January 20, 2019

Southern Abacos and Crossing to Eleuthera

After exploring the central Abaco cays we made our way south to Marsh Harbor, the largest city in the Abacos - and the third largest in all the Bahamas. What it lacks in charm it makes up in convenience, with the closest thing we've seen to an American grocery store here in the Bahamas. We stayed in the main anchorage only about 24 hours, which was all we needed to run ashore to purchase overlooked snorkel gear and fins (our old sailing grounds - the Chesapeake Bay - were too murky, so we never had any on board), as well as an anchor for the dinghy when we go ashore and have no where to tie off. We would have left Marsh Harbor sooner, but we received good news that morning that our missing dinghy oar was on it's way to us aboard S/V Zingaro, so we waited for their arrival.

After finding our oar, the second most exciting thing that happened in Marsh Harbor was that we were waked for the first time by a sea plane taking off from the anchorage and using the channel as it's runway! Sadly, we weren't fast enough to catch it on camera.

Man-o-War Cay

After leaving Marsh Harbor, we made our way to Man-o-War Cay, which was founded by loyalists in the 1780s who fled the Carolinas during the American Revolution. We anchored just outside the peaceful little town, which is well known for its boatbuilding; some 70 percent of the residents can trace their ancestry to the first settlers, the Alburys, famous for Albury Brothers fiberglass boats, which we've seen across the islands.

The townspeople are also very religious; no alcohol is served at restaurants and the entire town is closed on Sundays. We happened to visit on a Sunday, so we had the whole place to ourselves (minus a few stray cats) to sightsee and snorkel the beaches.

Thankfully, Gampy's Shell Shop had a collection basket for money so we could purchase a conch shell horn. It's a cruisers tradition to blow the conch at sunset, and we are determined to learn how (it's surprisingly harder than you might think!). Sara has the hang of it, but Nick needs a bit more practice.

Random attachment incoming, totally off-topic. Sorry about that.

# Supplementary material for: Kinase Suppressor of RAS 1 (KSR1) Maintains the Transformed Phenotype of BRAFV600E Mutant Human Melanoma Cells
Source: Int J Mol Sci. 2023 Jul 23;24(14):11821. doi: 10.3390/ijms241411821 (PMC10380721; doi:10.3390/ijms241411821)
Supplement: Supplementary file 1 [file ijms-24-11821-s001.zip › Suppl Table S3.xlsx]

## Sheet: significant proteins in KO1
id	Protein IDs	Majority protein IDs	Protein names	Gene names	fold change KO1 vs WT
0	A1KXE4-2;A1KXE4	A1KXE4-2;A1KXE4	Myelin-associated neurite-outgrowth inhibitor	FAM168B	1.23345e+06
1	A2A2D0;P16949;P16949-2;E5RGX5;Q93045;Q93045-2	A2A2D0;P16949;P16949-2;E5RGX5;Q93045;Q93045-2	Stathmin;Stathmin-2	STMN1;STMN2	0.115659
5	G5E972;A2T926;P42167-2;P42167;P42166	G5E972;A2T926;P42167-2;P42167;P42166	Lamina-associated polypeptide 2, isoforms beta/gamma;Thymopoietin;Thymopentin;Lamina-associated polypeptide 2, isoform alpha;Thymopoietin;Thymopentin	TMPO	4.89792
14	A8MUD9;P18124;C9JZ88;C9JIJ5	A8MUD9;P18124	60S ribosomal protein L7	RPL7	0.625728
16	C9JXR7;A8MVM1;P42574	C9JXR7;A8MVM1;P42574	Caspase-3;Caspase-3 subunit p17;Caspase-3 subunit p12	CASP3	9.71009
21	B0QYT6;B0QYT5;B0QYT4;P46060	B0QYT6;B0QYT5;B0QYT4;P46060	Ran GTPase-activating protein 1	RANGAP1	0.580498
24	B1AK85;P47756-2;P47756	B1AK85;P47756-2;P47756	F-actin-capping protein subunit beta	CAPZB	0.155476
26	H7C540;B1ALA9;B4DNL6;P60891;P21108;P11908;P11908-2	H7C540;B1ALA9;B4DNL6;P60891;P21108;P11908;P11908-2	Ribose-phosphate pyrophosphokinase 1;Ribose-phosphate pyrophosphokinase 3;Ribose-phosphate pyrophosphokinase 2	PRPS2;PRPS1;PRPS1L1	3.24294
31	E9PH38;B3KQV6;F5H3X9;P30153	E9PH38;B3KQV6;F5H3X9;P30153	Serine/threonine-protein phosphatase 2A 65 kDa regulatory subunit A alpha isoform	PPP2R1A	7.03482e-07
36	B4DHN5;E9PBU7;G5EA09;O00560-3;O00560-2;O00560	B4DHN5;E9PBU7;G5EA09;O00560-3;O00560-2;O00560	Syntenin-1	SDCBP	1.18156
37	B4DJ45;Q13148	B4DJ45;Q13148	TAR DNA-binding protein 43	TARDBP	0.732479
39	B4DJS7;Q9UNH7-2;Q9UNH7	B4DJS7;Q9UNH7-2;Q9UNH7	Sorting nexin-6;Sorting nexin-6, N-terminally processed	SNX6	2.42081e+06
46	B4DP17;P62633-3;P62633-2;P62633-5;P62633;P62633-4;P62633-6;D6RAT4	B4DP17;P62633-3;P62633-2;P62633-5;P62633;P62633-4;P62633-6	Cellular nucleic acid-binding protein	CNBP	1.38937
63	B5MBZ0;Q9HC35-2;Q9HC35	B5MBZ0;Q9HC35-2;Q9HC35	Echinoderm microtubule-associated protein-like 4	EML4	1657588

Hope Town

After two days in Man-o-war, on January 8, we headed to Hope Town on Elbow Cay, which is among our favorite places that we've visited. Hope Town's famous landmark is its candy-striped lighthouse, which is one of the last operational kerosene-fueled lighthouses in the world. Another cruiser told us the kerosene burns out overnight, so the keeper has to climb to the top in the middle of the night to refill and relight the lamp.

The town's well protected harbor is full of moorings, which are first-come, first served and operated by a variety of Bahamian locals and businesses. After picking up our mooring, we called the number of it to learn it was the only one owned by Harbor View Grocery, where we headed each day to pay our $20 mooring fee. While in Hope Town we rented bicycles and enjoyed biking from one side of the picturesque island to the other (no cars allowed here - only golf carts), stopping along the way at Tahiti Beach, well known for it's white sandbar, which appears at low tide.

We also stopped at popular On Da Beach restaurant for lunch and pina coladas; with no ice on board (our mini freezer is for frozen meats only, which are very expensive in the islands), a frozen drink was a refreshing treat! We thoroughly enjoyed the residents' sense of humor and got a laugh at the many street signs we came across while exploring town, including the signs noting how far away "home" was for many.

Hope Town is also home to cruisers Will and Muffin, who host the Abacos Cruisers name net on the VHF radio each morning at 8:15. We thoroughly enjoyed listening to it - and the tips about weather, events, and sea conditions - during our time in the Abacos, especially since it helped us locate our missing oar!

Here's a short clip of the cruisers net from our last day in the Abacos:

Crossing to the Eleuthera Islands

After three really great weeks sailing and exploring the Abaco islands, we'd come to the end of the island chain. On January 11, we sailed from Hope Town to Lynyard Cay, where we set ourselves up to jump offshore down to the Eleuthera chain of Bahamas islands. The following morning, we set out at 7 a.m. for the 57-nm sail south through some pretty deep waters (more than 12,000-feet in some areas).